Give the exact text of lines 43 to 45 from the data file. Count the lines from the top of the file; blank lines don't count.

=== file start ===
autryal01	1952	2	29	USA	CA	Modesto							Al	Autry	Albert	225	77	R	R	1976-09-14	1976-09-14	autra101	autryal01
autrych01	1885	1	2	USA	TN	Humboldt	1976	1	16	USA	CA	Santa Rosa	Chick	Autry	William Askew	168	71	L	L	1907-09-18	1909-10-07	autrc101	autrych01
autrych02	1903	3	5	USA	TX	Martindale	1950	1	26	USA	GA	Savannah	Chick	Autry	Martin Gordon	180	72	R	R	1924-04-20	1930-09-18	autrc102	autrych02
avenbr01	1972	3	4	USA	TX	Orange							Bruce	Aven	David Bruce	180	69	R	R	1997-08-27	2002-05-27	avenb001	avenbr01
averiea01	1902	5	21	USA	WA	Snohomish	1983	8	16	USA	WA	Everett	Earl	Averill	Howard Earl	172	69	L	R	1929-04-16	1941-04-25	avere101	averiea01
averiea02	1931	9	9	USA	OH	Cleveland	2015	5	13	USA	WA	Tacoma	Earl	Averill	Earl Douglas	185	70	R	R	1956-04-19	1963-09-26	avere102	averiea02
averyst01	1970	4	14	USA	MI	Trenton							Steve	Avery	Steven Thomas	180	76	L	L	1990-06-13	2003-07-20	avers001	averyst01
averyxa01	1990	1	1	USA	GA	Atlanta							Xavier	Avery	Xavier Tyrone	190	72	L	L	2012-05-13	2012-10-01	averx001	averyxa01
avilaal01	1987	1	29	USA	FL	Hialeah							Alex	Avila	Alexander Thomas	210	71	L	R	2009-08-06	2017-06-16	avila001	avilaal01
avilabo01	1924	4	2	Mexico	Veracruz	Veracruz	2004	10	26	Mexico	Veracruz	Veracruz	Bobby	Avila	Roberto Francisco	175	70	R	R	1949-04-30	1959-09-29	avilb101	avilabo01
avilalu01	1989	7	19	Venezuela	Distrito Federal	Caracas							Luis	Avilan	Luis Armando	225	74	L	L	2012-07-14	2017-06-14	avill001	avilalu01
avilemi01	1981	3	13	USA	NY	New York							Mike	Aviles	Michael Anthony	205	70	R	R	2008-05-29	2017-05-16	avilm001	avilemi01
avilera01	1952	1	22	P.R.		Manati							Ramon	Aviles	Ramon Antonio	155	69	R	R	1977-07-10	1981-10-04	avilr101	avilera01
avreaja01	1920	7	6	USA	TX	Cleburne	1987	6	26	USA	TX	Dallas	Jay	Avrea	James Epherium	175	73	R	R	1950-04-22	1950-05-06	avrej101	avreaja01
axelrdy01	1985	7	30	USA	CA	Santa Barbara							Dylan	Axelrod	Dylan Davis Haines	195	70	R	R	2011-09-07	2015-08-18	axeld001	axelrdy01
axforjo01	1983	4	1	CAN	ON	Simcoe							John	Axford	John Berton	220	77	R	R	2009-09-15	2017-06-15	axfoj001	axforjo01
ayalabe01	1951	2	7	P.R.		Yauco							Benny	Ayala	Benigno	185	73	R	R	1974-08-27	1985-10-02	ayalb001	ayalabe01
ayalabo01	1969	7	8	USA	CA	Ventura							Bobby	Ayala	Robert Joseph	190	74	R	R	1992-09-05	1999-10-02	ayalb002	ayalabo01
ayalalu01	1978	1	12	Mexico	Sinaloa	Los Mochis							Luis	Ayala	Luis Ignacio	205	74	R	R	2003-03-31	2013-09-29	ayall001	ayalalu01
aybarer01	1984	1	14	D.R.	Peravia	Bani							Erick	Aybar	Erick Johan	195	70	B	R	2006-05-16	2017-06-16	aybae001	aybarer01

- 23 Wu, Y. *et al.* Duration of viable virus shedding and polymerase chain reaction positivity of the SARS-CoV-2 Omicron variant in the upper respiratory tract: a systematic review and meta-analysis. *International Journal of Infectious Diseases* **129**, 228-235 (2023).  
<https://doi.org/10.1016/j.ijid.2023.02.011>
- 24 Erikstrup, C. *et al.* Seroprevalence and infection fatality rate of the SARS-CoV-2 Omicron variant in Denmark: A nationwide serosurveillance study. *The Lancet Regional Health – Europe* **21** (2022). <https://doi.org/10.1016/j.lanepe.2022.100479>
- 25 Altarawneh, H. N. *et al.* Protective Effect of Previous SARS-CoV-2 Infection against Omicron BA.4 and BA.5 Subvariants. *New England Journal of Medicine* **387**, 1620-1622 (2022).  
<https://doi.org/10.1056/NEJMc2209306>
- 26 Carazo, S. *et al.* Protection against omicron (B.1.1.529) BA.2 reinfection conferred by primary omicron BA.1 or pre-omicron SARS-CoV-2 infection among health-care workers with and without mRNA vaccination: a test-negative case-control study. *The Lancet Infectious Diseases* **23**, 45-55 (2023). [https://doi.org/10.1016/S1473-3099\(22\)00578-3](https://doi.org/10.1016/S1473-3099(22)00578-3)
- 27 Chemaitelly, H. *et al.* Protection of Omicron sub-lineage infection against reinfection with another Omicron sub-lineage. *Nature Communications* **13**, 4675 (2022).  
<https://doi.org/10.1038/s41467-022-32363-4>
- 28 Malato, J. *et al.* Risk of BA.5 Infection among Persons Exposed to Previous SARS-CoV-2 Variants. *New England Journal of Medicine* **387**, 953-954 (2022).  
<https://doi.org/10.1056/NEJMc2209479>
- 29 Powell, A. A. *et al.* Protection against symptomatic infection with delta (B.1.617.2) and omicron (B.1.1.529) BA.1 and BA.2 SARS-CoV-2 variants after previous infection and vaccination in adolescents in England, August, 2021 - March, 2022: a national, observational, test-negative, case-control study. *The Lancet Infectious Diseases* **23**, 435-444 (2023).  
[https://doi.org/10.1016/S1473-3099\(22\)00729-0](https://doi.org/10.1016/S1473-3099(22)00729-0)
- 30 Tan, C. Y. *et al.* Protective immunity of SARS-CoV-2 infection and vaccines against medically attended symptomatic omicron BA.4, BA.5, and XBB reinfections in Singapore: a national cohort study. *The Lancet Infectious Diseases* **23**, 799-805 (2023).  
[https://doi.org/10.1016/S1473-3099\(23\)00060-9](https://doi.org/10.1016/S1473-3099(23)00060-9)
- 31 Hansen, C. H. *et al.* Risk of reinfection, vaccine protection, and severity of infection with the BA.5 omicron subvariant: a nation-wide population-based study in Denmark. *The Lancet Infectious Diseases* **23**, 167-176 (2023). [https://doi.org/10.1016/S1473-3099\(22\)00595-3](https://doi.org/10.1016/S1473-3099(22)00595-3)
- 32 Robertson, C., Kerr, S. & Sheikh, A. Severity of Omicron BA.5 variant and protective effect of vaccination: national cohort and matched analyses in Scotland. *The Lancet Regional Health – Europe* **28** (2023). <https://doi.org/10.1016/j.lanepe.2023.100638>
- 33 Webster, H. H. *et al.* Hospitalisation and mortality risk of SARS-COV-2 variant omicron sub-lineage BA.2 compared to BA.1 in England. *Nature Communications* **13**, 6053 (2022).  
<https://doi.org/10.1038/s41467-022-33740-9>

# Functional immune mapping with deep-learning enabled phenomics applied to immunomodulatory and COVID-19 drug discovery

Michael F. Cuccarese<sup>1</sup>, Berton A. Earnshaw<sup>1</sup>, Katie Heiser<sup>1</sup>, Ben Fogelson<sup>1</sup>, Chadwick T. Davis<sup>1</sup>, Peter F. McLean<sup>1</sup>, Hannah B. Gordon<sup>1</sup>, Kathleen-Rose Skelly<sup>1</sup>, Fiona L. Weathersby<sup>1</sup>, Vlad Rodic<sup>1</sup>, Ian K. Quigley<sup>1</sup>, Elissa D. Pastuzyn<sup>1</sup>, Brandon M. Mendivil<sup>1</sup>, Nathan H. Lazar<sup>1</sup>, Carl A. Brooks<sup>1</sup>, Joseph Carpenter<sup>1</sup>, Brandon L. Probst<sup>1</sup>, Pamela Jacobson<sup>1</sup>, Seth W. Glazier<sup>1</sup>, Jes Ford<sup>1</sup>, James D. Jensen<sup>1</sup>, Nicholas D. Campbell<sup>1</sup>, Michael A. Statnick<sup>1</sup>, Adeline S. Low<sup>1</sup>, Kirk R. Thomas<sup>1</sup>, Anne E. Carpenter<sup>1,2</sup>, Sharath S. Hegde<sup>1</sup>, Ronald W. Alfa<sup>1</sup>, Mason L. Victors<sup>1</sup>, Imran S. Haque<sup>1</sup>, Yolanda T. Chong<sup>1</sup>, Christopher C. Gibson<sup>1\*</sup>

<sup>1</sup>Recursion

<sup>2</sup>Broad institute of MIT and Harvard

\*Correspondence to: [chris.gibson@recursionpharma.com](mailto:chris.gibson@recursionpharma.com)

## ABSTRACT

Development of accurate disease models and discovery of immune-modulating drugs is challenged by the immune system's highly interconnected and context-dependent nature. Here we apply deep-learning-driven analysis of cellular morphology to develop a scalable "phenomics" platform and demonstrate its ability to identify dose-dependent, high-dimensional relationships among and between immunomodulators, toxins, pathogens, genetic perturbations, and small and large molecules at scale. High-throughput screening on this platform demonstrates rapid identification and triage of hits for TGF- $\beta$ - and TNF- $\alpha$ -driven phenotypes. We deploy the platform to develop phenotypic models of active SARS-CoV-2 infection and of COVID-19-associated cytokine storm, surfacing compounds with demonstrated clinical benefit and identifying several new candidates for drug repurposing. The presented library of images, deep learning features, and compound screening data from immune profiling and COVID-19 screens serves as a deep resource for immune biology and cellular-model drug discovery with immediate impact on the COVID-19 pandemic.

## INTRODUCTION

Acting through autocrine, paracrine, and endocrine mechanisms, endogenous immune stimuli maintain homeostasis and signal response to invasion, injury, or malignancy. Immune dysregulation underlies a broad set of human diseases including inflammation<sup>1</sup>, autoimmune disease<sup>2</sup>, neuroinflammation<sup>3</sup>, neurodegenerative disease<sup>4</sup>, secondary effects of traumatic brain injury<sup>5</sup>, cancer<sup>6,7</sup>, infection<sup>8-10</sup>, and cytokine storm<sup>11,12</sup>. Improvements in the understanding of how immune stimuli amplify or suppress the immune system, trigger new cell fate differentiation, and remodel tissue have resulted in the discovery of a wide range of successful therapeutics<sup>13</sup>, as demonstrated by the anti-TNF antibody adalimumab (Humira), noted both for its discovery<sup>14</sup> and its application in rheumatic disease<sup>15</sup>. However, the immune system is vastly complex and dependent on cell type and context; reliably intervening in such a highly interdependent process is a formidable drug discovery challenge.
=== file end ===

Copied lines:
\*Correspondence to: [chris.gibson@recursionpharma.com](mailto:chris.gibson@recursionpharma.com)

## ABSTRACT

Development of accurate disease models and discovery of immune-modulating drugs is challenged by the immune system's highly interconnected and context-dependent nature. Here we apply deep-learning-driven analysis of cellular morphology to develop a scalable "phenomics" platform and demonstrate its ability to identify dose-dependent, high-dimensional relationships among and between immunomodulators, toxins, pathogens, genetic perturbations, and small and large molecules at scale. High-throughput screening on this platform demonstrates rapid identification and triage of hits for TGF- $\beta$ - and TNF- $\alpha$ -driven phenotypes. We deploy the platform to develop phenotypic models of active SARS-CoV-2 infection and of COVID-19-associated cytokine storm, surfacing compounds with demonstrated clinical benefit and identifying several new candidates for drug repurposing. The presented library of images, deep learning features, and compound screening data from immune profiling and COVID-19 screens serves as a deep resource for immune biology and cellular-model drug discovery with immediate impact on the COVID-19 pandemic.